The theory of ‘Separation of Powers’, as expounded by Montesquieu and accepted by our country, provides for three organs of the State –  the Legislature, the Executive, and the Judiciary. The Judiciary has been assigned the role of adjudicating disputes and defining rights of the parties. 

In Ram Jawaya v. State of Punjab, AIR 1955 SC 549, the Constitution bench of the Supreme Court observed:

“the Indian Constitution has not indeed recognised the doctrine of Separation of Powers in absolute rigidity but the functions of the different branches of the government have been sufficiently differentiated and consequently it can be very well said that our Constitution doesn’t provide for assumption by one organ or part of the State of functions that essentially belong to another”. 

Restricting the judicial transgressions in policy matters, it was held in Bhagwat Dayal Sharma Vs. UOI ILR (1973) Del 847 and Peoples Union for Democratic Rights Vs. Ministry of Home Affairs ILR (1987) Del 235, “that where the power to do or not to do a thing is optional and discretionary and there is no statutory obligation, direction to the Executive to do a particular thing cannot be given even where matter is of public importance.” 

Similarly, in Kanhaiya Lal Sethia Vs. UOI (1997) 6 SCC 573, the Apex Court held that, “it is not open to a petitioner to seek a direction to the Union of India to introduce an official Bill in the Parliament or to sponsor a Private Member’s Bill to be introduced on the subject. It was also observed that, “Courts should not interfere in policy matters of the State unless the policy violates the mandate of the Constitution or any statutory provision or is otherwise actuated by mala fides.”

As per the observations done and ratio recorded, it’s amply clear that the courts cannot and shouldn’t interfere into the work ambit of Legislative or Executive organs of the government, as such decisions are made by the experts in the field after considering and keeping due factors in conscience. 

Non-expert intervention?

The Court doesn’t have enough practical experience, domain expertise or academic acumen to decisively know what will be the fallout of making testing free. Since this doesn’t involve any metrics of legality, the court should have stayed out of the issue.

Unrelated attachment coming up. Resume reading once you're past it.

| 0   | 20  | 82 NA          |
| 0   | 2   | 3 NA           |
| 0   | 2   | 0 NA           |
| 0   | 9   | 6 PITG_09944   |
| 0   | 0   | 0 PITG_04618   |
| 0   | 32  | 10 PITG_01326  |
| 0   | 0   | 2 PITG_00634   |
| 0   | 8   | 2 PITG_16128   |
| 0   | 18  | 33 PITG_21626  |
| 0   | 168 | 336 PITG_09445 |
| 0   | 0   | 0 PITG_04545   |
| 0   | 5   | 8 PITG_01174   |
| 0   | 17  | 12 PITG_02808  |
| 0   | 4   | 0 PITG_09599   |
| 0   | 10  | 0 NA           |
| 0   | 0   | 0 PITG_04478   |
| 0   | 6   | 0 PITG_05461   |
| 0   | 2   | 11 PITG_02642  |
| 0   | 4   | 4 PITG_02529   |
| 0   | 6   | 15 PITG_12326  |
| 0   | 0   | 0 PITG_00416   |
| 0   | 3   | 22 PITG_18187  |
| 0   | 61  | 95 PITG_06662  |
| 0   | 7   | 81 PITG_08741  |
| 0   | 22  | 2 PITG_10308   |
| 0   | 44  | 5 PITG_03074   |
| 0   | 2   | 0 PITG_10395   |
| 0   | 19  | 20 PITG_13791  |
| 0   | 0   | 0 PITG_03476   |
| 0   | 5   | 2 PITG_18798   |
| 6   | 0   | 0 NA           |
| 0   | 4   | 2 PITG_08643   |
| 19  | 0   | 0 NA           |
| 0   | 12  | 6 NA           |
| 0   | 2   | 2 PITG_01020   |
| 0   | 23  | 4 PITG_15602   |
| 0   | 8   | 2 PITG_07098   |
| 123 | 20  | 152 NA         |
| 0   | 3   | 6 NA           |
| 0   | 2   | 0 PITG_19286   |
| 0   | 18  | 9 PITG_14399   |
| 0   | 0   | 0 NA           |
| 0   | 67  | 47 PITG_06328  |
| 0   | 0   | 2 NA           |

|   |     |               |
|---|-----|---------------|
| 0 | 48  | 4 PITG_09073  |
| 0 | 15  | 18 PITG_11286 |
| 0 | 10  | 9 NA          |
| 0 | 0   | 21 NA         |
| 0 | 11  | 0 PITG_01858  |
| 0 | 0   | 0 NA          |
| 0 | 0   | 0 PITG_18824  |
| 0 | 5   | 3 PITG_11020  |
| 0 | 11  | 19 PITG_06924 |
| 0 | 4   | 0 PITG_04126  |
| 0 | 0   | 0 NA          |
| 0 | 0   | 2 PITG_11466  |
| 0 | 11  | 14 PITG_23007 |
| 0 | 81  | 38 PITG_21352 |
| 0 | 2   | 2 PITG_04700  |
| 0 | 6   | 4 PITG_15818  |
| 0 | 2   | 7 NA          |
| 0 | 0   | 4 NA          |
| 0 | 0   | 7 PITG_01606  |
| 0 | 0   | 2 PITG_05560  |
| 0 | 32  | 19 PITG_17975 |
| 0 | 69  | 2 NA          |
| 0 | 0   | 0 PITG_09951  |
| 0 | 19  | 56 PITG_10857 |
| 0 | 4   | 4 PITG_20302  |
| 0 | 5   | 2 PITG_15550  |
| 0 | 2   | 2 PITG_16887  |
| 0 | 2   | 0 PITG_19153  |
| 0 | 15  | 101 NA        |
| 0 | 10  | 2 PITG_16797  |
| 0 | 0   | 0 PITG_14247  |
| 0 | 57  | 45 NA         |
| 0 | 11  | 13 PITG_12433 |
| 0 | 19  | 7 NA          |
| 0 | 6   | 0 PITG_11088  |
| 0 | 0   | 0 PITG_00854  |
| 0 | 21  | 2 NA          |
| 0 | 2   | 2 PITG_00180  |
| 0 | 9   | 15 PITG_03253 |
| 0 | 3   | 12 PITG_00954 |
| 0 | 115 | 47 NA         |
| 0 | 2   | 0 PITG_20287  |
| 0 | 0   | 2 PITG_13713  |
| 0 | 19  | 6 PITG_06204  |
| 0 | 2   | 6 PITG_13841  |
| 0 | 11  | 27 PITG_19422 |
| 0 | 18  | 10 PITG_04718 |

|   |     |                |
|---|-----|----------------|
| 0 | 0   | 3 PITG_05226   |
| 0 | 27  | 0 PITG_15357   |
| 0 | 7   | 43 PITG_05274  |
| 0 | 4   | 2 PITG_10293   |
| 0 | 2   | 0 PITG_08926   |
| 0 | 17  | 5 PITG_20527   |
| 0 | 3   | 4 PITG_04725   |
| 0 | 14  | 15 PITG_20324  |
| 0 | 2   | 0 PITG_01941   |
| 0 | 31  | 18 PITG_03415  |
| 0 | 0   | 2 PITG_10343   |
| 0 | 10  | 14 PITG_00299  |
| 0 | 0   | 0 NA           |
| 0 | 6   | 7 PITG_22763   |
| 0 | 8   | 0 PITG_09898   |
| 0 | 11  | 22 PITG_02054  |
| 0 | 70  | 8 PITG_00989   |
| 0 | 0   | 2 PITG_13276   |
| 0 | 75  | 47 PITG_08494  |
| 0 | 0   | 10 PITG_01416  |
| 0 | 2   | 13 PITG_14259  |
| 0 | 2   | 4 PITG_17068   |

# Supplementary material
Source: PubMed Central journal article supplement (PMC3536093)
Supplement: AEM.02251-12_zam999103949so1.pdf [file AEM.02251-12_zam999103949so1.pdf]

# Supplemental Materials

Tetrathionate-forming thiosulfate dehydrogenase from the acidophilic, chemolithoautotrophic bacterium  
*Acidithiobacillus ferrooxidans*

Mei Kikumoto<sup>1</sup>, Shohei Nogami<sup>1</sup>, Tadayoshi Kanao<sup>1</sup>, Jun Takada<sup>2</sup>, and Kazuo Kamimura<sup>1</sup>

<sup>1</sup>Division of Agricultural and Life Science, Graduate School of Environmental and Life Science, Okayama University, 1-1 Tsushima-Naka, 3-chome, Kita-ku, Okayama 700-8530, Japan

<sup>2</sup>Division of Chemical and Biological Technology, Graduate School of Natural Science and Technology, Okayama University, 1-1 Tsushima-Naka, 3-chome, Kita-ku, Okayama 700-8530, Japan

Further, the nature of the reimbursement is still uncertain. The courts didn’t seek any recommendation from any expert committee while passing the order. It issued the order solely on the basis of arguments by counsels, whose domain of research is always restricted. On the other hand, the government’s research is more holistic, as it allocates works to different expert committees. Such committees frame policies taking in consideration the various facets of an issue.

The modification of the original order also raises an evident presumption about the lacuna that was inherent in the previous order. Even by restricting free testing to the poorest, the Court has encroached upon the policymaking power of the government. It has made the same mistake, which it set out to fix through the later modification. 

The court order might keep both the government and private labs under a pale of uncertainty. This may, in turn, lead to shutting down of private labs, as in the absence of a quid pro quo when resources are limited, they might fail to sustain costs and operations. Once private labs start shutting down, there will be an acute shortage of testing facilities, because those who can afford private testing will also become more vulnerable to the disease. These loopholes weren’t addressed by the Apex Court.

The decision, thus, was an erratic one. The intervention that should have been done in the interests of the public may act as an attack against their own interests. 

Views expressed are the author’s own.

Vishal Kumar is a student of law at the Campus Law Centre, University of Delhi. He tweets at @AsOurLawls. Read his articles for Eleventh Column here.

Featured image: Supreme Court of India | Wikimedia Commons